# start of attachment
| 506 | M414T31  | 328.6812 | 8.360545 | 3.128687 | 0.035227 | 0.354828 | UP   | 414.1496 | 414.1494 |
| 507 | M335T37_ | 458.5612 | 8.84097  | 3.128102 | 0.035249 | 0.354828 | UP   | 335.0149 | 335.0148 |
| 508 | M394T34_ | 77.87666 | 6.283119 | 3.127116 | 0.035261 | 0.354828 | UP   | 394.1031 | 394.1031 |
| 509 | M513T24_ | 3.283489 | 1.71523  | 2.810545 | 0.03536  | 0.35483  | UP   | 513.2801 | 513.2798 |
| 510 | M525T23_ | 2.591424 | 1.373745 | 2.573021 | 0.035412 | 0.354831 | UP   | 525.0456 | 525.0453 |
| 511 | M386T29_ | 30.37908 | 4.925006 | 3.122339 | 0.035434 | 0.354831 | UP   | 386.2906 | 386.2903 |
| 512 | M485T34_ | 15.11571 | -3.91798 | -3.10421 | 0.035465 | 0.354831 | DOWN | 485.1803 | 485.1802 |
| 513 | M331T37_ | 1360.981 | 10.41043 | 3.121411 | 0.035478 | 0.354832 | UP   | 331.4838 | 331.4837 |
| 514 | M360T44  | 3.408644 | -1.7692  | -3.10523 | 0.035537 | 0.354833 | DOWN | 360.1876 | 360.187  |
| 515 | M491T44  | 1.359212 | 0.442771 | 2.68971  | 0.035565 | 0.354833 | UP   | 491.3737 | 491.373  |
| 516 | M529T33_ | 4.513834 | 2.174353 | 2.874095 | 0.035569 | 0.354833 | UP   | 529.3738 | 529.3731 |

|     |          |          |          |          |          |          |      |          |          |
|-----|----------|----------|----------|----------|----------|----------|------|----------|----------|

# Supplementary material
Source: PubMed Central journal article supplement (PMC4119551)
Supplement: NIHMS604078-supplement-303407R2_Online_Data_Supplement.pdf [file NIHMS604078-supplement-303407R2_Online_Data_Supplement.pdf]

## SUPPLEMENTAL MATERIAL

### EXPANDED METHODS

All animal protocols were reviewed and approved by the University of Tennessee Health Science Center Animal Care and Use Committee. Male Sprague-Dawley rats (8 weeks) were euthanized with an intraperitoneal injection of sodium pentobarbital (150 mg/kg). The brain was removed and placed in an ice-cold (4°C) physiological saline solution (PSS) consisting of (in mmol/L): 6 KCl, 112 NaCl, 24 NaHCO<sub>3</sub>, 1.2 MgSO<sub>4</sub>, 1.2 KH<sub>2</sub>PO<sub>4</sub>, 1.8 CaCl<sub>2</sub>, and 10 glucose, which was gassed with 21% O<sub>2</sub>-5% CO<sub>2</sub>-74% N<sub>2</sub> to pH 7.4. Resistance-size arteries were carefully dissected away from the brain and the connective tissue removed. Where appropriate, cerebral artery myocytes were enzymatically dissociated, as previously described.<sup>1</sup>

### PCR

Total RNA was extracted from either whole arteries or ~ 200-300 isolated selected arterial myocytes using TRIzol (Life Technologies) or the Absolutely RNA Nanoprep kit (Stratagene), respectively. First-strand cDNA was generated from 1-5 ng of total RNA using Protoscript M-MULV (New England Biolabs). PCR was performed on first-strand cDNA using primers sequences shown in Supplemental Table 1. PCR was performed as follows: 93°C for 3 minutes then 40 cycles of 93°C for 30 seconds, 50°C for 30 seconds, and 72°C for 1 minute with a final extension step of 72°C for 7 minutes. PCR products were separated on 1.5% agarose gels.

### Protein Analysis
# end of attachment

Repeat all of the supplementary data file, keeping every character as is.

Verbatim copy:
| 506 | M414T31  | 328.6812 | 8.360545 | 3.128687 | 0.035227 | 0.354828 | UP   | 414.1496 | 414.1494 |
| 507 | M335T37_ | 458.5612 | 8.84097  | 3.128102 | 0.035249 | 0.354828 | UP   | 335.0149 | 335.0148 |
| 508 | M394T34_ | 77.87666 | 6.283119 | 3.127116 | 0.035261 | 0.354828 | UP   | 394.1031 | 394.1031 |
| 509 | M513T24_ | 3.283489 | 1.71523  | 2.810545 | 0.03536  | 0.35483  | UP   | 513.2801 | 513.2798 |
| 510 | M525T23_ | 2.591424 | 1.373745 | 2.573021 | 0.035412 | 0.354831 | UP   | 525.0456 | 525.0453 |
| 511 | M386T29_ | 30.37908 | 4.925006 | 3.122339 | 0.035434 | 0.354831 | UP   | 386.2906 | 386.2903 |
| 512 | M485T34_ | 15.11571 | -3.91798 | -3.10421 | 0.035465 | 0.354831 | DOWN | 485.1803 | 485.1802 |
| 513 | M331T37_ | 1360.981 | 10.41043 | 3.121411 | 0.035478 | 0.354832 | UP   | 331.4838 | 331.4837 |
| 514 | M360T44  | 3.408644 | -1.7692  | -3.10523 | 0.035537 | 0.354833 | DOWN | 360.1876 | 360.187  |
| 515 | M491T44  | 1.359212 | 0.442771 | 2.68971  | 0.035565 | 0.354833 | UP   | 491.3737 | 491.373  |
| 516 | M529T33_ | 4.513834 | 2.174353 | 2.874095 | 0.035569 | 0.354833 | UP   | 529.3738 | 529.3731 |

|     |          |          |          |          |          |          |      |          |          |
|-----|----------|----------|----------|----------|----------|----------|------|----------|----------|

# Supplementary material
Source: PubMed Central journal article supplement (PMC4119551)
Supplement: NIHMS604078-supplement-303407R2_Online_Data_Supplement.pdf [file NIHMS604078-supplement-303407R2_Online_Data_Supplement.pdf]

## SUPPLEMENTAL MATERIAL

### EXPANDED METHODS

All animal protocols were reviewed and approved by the University of Tennessee Health Science Center Animal Care and Use Committee. Male Sprague-Dawley rats (8 weeks) were euthanized with an intraperitoneal injection of sodium pentobarbital (150 mg/kg). The brain was removed and placed in an ice-cold (4°C) physiological saline solution (PSS) consisting of (in mmol/L): 6 KCl, 112 NaCl, 24 NaHCO<sub>3</sub>, 1.2 MgSO<sub>4</sub>, 1.2 KH<sub>2</sub>PO<sub>4</sub>, 1.8 CaCl<sub>2</sub>, and 10 glucose, which was gassed with 21% O<sub>2</sub>-5% CO<sub>2</sub>-74% N<sub>2</sub> to pH 7.4. Resistance-size arteries were carefully dissected away from the brain and the connective tissue removed. Where appropriate, cerebral artery myocytes were enzymatically dissociated, as previously described.<sup>1</sup>

### PCR

Total RNA was extracted from either whole arteries or ~ 200-300 isolated selected arterial myocytes using TRIzol (Life Technologies) or the Absolutely RNA Nanoprep kit (Stratagene), respectively. First-strand cDNA was generated from 1-5 ng of total RNA using Protoscript M-MULV (New England Biolabs). PCR was performed on first-strand cDNA using primers sequences shown in Supplemental Table 1. PCR was performed as follows: 93°C for 3 minutes then 40 cycles of 93°C for 30 seconds, 50°C for 30 seconds, and 72°C for 1 minute with a final extension step of 72°C for 7 minutes. PCR products were separated on 1.5% agarose gels.

### Protein Analysis